Why, it’s chock full of incident: daughter Mabel Normand is eating with her parents in a fancy outdoor café. Fatty and Arbuckle and another guy are hanging around causing mischief. A cop tries to chase them off. Mabel goes to a candy vendor, steals candy while ordering ice cream, but has no money. She spits candy out of her mouth and gives it back to the guy. Fatty goes up and steals money from register, then uses it to pay for ice cream. Then they taunt a bear in the cage at the zoo and give him some ice cream. Then her parents go looking for her. They split up to look. The father has a tussle with Fatty’s friend. Someone kicks Fatty all the way up the playground slide. A cop beats Fatty. Fatty touches Mabel’s mother—he thought it was the girl. Outrage! The daughter introduces her father to the guy who beat him up. They resume fighting. Now she introduces Fatty to her mother: the same degree of consternation. Fatty and his friend swear off women.
11:30pm (EST): Mickey (1918)
Mickey was the perfect Mabel Normand picture, building on her image as a feisty, independent, somewhat untameable young woman, and adding a new dimension of seriousness not present in any of her previous work with Mack Sennett. The film was a Cinderella story about a girl growing up wild and uneducated with her gold mining father in the wilderness of California, then being sent to live with family back East for lessons in refinement. While Normand had already proven herself a fine actress at Biograph (where she’d played in some dramas) and even with Sennett, Mickey showcased this talent at a whole new level. And it still had plenty of comedy. Legal snarls kept it on the shelf for two years, but when it was finally released in 1918, it was one of the smash hits of the year.
1:03am (EST): Spring Fever (1919)
1:15am (EST): Seven Years Bad Luck (1921)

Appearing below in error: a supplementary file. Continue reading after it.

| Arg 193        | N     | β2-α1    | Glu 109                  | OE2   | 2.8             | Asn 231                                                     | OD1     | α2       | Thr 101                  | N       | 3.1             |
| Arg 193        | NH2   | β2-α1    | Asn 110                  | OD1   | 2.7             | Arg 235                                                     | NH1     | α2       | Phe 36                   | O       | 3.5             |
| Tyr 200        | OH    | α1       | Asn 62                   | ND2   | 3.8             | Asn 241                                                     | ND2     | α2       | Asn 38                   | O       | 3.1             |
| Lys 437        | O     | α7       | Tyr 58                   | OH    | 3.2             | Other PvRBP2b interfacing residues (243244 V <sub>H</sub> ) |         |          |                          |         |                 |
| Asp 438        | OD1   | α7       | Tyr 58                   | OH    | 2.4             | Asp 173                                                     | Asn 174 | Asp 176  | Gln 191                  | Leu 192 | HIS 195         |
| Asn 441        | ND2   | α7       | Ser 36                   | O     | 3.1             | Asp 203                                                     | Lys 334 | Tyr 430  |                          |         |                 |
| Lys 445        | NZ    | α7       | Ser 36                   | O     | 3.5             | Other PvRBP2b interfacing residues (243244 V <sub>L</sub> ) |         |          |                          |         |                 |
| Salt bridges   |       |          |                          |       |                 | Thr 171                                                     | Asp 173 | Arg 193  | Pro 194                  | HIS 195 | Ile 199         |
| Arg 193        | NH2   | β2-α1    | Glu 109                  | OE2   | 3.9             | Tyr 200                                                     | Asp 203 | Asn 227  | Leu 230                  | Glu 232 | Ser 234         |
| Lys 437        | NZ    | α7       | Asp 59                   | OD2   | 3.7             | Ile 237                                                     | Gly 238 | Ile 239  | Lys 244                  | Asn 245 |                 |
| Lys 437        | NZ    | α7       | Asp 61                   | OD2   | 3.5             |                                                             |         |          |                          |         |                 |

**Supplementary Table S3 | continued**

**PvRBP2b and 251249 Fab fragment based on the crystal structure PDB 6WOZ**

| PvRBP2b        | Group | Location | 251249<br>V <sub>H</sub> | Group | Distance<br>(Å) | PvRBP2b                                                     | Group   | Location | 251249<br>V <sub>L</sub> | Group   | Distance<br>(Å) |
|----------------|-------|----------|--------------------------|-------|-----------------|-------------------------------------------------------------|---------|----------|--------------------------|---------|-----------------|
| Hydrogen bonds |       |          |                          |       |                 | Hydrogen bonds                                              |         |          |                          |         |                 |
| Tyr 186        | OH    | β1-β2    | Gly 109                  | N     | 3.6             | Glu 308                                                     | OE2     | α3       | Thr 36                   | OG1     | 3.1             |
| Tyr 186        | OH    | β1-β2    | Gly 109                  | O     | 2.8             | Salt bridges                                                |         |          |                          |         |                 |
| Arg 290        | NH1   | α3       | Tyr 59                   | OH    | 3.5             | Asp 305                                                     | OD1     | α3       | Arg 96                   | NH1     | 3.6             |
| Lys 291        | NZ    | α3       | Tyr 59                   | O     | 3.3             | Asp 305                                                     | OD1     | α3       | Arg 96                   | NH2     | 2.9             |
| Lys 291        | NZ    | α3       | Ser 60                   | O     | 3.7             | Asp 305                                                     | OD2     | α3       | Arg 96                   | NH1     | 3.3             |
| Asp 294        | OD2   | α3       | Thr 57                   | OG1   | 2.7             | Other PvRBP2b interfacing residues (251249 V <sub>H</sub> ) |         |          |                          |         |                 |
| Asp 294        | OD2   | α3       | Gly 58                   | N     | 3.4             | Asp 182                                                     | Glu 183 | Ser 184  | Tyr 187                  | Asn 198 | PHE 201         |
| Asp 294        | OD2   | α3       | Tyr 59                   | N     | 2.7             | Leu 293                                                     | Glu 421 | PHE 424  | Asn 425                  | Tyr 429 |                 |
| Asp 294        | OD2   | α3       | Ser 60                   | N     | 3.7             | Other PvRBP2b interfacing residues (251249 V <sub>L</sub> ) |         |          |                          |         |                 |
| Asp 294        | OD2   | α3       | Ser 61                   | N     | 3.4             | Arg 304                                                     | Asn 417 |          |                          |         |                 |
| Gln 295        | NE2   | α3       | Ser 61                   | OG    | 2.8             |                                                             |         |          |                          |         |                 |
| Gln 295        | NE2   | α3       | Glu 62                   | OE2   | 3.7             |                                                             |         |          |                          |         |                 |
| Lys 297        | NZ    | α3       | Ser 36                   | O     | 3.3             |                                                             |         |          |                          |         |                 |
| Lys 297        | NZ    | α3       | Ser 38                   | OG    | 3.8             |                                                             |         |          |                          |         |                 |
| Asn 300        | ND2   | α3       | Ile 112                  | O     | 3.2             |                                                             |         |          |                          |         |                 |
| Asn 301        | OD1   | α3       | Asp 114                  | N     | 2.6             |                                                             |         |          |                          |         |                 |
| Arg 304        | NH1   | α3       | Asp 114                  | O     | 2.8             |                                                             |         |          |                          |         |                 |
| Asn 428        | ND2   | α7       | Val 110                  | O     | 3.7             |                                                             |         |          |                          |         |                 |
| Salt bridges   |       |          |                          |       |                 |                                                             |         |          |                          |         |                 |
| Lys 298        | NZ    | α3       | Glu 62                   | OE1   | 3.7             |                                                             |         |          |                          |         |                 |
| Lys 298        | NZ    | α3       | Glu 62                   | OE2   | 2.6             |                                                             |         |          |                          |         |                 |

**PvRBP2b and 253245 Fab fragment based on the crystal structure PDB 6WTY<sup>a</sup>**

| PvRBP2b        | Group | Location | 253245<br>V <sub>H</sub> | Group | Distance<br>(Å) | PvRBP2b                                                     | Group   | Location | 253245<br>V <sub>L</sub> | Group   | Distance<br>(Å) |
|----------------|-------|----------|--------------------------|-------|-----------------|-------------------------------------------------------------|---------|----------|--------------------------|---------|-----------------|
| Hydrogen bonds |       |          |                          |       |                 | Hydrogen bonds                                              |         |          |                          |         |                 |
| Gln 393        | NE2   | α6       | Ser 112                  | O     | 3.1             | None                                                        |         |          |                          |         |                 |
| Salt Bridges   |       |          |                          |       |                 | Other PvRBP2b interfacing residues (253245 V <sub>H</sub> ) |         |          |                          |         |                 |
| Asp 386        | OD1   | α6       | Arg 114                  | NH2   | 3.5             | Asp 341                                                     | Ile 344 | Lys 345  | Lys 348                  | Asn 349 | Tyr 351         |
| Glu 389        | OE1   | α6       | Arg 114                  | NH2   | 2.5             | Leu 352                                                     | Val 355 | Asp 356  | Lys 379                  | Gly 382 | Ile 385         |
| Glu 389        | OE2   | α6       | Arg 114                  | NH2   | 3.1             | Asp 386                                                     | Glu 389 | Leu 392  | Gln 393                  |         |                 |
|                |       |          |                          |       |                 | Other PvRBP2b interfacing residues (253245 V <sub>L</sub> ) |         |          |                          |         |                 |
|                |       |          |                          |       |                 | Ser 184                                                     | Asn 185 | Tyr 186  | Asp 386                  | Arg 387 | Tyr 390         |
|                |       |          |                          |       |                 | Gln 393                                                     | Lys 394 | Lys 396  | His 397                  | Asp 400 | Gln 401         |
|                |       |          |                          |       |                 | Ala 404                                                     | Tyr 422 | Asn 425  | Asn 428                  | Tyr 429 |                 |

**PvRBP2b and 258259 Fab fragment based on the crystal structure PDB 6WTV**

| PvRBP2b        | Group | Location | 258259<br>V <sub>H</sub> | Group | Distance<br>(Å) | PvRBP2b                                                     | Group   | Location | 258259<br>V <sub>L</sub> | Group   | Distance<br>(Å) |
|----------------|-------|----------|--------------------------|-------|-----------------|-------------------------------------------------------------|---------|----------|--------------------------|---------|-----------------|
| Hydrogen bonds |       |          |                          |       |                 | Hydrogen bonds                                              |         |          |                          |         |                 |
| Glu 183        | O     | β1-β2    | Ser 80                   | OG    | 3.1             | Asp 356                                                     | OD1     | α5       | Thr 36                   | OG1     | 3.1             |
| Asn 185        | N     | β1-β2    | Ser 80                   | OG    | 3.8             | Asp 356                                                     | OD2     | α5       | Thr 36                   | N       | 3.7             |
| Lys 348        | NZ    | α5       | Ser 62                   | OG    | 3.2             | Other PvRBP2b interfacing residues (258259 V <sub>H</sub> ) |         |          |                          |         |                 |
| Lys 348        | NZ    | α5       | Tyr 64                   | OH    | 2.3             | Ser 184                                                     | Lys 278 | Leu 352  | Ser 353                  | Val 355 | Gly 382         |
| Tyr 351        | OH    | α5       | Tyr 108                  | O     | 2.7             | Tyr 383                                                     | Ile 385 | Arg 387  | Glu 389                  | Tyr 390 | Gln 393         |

Max Linder’s feature film is much praised and famous for being that source of the “mirror routine” imitated by many later comedians. When he realizes he has broken a mirror, he expects bad luck and gets it. His girlfriend misunderstands something and dumps him. Blue, he goes west. A kid steals his wallet as he is about to depart so he resorts to all sorts of tricks to sneak on the train and stay there. He gets all the way west, masquerades as a station master etc. An interlude at a zoo as he flees from cops. He returns home and makes up with his girl. They get married and have seven little Maxes all dressed in little top hats!
2:30am (EST): Coney Island (1917)
In this classic comedy short, Fatty Arbuckle, Buster Keaton and Al St. John take turns dating the same girl (Alice Mann) at Coney Island (despite the fact that Arbuckle’s character is married). Inevitably Arbuckle winds up going in drag in a woman’s bathing suit. In addition to priceless period footage of Coney’s Luna Park in its heyday, this film offers the sight of Keaton doing an impressive blackflip, and — even more exotic — crying!
1:15am (EST): Yankee Doodle in Berlin (1919)
This WWI-era patriotic comedy is doubly interesting to us: 1) because it stars so many greats from the Sennett stock company: Ford Sterling (as the Kaiser!), Ben Turpin, Mal St. Clair, Marie Prevost, Charlie Murray, both Chester and Heinie Conklin, and the Bathing Beauties; and 2) the star of the picture is Bothwell Browne, a vaudeville drag performer whose only starring film this is. (For more on Browne go here). This was Sennett’s most ambitious film up to that time, and only his third feature. Unfortunately he gambled on the war lasting longer than it did; it was already over by the time the film was in theatres.
The plot is just what you think it would be. Browne is an army captain who goes undercover in the Kaiser’s Germany, disguised as a woman. As long as Sterling or Turpin makes a pass at him, that’s all I ask!
4:15am (EST) The Champeen (1923) and Our Gang (1922)
Two of the earliest Our Gang shorts, with the original silent cast.
4:44am (EST) Harold Lloyd (1962)
A clip from the documentary Harold Lloyd’s World of Comedy
For more on silent comedy film history please check out my new book: Chain of Fools: Silent Comedy and Its Legacies from Nickelodeons to Youtube, just released by Bear Manor Media, also available from amazon.com etc etc etc